This quote from Robert Krulwich of NPR caught my eye yesterday:

But there are some people, who don’t wait.

I don’t know exactly what going on inside them; but they have this… hunger. It’s almost like an ache.

Something inside you says I can’t wait to be asked I just have to jump in and do it.

He was talking about beginning journalists, but I couldn’t help thinking about the many teachers who I have met over the years who haven’t waited. People like Shelley Blake-Plock and Dolores Gende and Anne Smith and Kathy Cassidy and Brian Crosby and Shannon Miller and Shelley Wright and Jabiz Raisdana and a whole slew of others who had some type of hunger overcome them, something that made them jump right in and really change the way the thought about teaching and learning and classrooms. For some, I know, what’s happened over the past decade or so has simply afforded a way for them to do more of what they always believed, to give kids the reins and let them learn about learning. But for others, and I would count myself in this second category, the last 10 years have brought to life a way of thinking about education that is decidedly different from the lens we originally carried into the classroom. For us, this has been a real transformation, not simply a shift in methods or pedagogy.

Unfortunately, the vast majority of teachers are still waiting…for something. What is it? Permission? Direction? Inspiration? Enlightenment?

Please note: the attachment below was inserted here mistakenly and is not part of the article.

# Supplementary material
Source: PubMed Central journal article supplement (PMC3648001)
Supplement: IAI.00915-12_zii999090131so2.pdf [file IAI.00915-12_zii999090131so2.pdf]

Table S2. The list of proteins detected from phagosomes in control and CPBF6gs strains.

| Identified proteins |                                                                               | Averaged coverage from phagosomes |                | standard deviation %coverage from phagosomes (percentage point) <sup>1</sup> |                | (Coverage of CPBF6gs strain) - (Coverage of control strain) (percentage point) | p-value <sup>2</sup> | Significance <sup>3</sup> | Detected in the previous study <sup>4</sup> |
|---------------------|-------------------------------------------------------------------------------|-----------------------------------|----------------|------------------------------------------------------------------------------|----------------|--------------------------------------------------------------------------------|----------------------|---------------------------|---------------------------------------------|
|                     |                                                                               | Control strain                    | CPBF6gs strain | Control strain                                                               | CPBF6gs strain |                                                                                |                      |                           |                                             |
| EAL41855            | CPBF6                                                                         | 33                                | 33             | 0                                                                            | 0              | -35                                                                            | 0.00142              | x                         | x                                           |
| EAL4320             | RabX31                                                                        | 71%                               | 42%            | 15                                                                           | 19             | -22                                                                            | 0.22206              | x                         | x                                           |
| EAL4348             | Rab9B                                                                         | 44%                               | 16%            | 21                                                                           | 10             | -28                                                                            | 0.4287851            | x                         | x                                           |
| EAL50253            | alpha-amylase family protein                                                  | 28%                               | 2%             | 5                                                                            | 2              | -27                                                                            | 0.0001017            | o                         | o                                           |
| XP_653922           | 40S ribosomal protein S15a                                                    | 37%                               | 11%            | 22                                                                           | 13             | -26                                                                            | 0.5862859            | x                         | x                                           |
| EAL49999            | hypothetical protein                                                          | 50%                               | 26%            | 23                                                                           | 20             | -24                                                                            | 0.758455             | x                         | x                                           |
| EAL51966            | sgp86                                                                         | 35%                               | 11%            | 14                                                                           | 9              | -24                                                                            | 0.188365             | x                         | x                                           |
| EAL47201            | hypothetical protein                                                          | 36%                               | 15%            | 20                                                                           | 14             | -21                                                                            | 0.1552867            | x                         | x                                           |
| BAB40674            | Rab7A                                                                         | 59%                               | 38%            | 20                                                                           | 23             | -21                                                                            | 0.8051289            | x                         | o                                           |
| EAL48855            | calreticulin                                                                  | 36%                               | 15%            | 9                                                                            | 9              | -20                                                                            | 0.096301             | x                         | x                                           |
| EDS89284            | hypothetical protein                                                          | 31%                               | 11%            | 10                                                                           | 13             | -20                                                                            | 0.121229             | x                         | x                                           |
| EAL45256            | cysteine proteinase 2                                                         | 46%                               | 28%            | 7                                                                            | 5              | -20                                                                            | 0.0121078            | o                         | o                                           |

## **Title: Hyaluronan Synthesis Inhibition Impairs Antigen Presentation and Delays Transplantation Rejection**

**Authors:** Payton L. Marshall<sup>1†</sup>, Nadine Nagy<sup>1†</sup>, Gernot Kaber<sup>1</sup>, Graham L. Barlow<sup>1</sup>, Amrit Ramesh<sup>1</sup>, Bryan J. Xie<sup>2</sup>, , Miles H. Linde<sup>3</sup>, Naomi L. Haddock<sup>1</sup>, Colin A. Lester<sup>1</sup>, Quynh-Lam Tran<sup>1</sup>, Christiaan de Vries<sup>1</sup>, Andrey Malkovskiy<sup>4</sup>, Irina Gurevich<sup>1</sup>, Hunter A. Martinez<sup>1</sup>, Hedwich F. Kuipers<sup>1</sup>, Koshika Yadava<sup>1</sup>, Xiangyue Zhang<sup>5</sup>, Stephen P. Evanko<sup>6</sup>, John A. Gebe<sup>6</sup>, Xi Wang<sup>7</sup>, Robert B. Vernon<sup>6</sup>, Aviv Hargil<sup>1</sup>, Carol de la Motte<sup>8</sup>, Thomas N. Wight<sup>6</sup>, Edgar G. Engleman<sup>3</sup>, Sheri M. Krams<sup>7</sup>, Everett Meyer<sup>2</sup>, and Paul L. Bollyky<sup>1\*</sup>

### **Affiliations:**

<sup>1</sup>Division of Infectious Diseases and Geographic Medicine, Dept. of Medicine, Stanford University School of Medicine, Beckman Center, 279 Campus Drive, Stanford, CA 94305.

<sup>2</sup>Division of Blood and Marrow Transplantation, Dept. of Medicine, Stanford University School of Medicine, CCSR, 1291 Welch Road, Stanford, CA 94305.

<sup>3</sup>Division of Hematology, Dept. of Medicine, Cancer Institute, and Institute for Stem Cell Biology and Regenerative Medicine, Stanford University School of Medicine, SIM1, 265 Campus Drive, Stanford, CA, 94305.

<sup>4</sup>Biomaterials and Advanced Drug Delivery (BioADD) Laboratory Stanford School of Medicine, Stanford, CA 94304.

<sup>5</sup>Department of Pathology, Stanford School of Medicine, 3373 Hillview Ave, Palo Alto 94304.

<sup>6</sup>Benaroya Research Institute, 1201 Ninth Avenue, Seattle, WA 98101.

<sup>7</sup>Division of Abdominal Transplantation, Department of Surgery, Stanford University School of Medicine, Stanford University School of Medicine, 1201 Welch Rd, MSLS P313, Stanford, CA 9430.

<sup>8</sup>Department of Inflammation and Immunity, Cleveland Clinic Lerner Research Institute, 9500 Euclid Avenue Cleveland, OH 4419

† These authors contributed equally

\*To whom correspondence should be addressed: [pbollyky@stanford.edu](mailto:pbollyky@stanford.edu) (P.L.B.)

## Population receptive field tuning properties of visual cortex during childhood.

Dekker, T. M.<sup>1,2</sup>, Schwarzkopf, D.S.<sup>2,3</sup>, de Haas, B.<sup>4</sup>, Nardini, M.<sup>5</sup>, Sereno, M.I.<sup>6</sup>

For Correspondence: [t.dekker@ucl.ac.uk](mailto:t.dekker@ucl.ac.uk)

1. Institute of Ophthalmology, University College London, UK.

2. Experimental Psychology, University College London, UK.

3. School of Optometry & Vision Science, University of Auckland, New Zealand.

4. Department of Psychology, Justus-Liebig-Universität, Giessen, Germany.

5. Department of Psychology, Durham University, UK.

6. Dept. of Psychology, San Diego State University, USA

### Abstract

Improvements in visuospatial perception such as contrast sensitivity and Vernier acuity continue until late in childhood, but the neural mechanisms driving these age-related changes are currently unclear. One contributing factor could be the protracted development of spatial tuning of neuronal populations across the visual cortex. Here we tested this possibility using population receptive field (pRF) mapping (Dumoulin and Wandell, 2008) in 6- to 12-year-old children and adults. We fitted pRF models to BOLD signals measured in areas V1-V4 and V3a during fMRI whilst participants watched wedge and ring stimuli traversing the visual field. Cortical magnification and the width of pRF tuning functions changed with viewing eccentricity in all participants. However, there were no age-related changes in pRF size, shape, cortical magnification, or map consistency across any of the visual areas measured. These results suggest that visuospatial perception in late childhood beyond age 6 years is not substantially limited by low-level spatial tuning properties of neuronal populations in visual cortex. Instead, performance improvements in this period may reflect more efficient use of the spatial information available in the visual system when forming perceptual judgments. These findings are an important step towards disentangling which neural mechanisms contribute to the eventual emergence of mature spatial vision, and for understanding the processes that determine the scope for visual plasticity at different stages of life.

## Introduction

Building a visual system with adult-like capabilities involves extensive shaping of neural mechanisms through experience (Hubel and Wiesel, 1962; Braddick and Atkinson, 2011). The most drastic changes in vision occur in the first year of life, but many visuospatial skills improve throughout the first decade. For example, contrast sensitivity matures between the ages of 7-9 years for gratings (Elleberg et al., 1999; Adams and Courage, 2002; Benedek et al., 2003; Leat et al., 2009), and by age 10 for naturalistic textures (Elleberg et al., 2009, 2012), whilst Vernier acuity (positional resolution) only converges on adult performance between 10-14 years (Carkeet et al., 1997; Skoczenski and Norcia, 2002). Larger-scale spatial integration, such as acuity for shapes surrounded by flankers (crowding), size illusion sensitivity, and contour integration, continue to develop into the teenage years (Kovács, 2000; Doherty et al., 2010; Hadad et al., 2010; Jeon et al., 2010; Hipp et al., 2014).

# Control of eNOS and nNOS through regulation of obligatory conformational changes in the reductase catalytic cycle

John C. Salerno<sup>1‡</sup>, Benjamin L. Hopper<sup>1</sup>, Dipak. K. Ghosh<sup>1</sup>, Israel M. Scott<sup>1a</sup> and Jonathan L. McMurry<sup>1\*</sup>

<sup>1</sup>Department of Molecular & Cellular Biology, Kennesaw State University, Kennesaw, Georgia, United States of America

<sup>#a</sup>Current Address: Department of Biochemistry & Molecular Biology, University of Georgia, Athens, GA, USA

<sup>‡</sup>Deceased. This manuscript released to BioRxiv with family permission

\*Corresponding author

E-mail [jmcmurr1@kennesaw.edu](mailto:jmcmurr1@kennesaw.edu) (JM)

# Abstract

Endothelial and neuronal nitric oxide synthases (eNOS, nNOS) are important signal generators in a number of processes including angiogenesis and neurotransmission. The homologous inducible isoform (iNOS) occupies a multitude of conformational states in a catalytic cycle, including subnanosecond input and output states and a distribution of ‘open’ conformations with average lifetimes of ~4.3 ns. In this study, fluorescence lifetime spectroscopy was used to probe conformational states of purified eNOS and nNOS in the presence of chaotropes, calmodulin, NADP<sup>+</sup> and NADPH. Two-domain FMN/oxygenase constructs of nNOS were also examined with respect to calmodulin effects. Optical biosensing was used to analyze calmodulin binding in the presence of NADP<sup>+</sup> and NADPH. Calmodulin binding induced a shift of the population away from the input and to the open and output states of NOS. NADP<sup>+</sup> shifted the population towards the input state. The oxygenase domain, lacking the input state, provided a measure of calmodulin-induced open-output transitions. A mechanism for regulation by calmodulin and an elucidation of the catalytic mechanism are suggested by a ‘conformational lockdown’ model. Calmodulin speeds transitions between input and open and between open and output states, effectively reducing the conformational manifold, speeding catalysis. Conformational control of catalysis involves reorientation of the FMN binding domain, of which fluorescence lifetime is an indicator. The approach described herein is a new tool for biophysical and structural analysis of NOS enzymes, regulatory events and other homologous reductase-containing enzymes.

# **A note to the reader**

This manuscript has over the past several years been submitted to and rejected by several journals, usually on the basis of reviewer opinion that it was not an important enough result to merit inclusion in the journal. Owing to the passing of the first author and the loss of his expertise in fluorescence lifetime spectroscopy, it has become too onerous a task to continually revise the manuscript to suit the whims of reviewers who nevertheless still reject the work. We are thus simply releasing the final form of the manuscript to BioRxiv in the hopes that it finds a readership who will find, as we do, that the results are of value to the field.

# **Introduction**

I know this is a crappy time to be in education. Maybe as crappy as it’s ever been. Thousands of people are losing their jobs, their benefits. The profession is being dragged through the manure. The onslaught of tests and data collection and standardization is doing the same thing to teachers as it’s doing to kids, driving the creativity and the passion and the enjoyment of real learning right out of them. I am not unsympathetic to these realities…not at all.

But we can’t use this moment as an excuse to continue to wait. Technology aside, our educational systems are not creating the learners that we want our children to be. And it’s not about layering whiteboards or blogs onto a narrow, one-size fits all curriculum that has marched along undeterred for what seems like forever. It’s about fundamentally changing what we do in classrooms with kids.

The good news is that many have acted on their hunger. They’ve put kids ahead of the system, redefined themselves as learners first, teachers second, found the courage of their convictions and made learning, not test scores, the focus. The bad news is that far too many teachers still don’t even know that the traditional model of education is failing kids when it comes to learning. But somewhere in the middle, there are those that know there is a different path, yet they won’t make the leap.

What, I wonder, are they waiting for?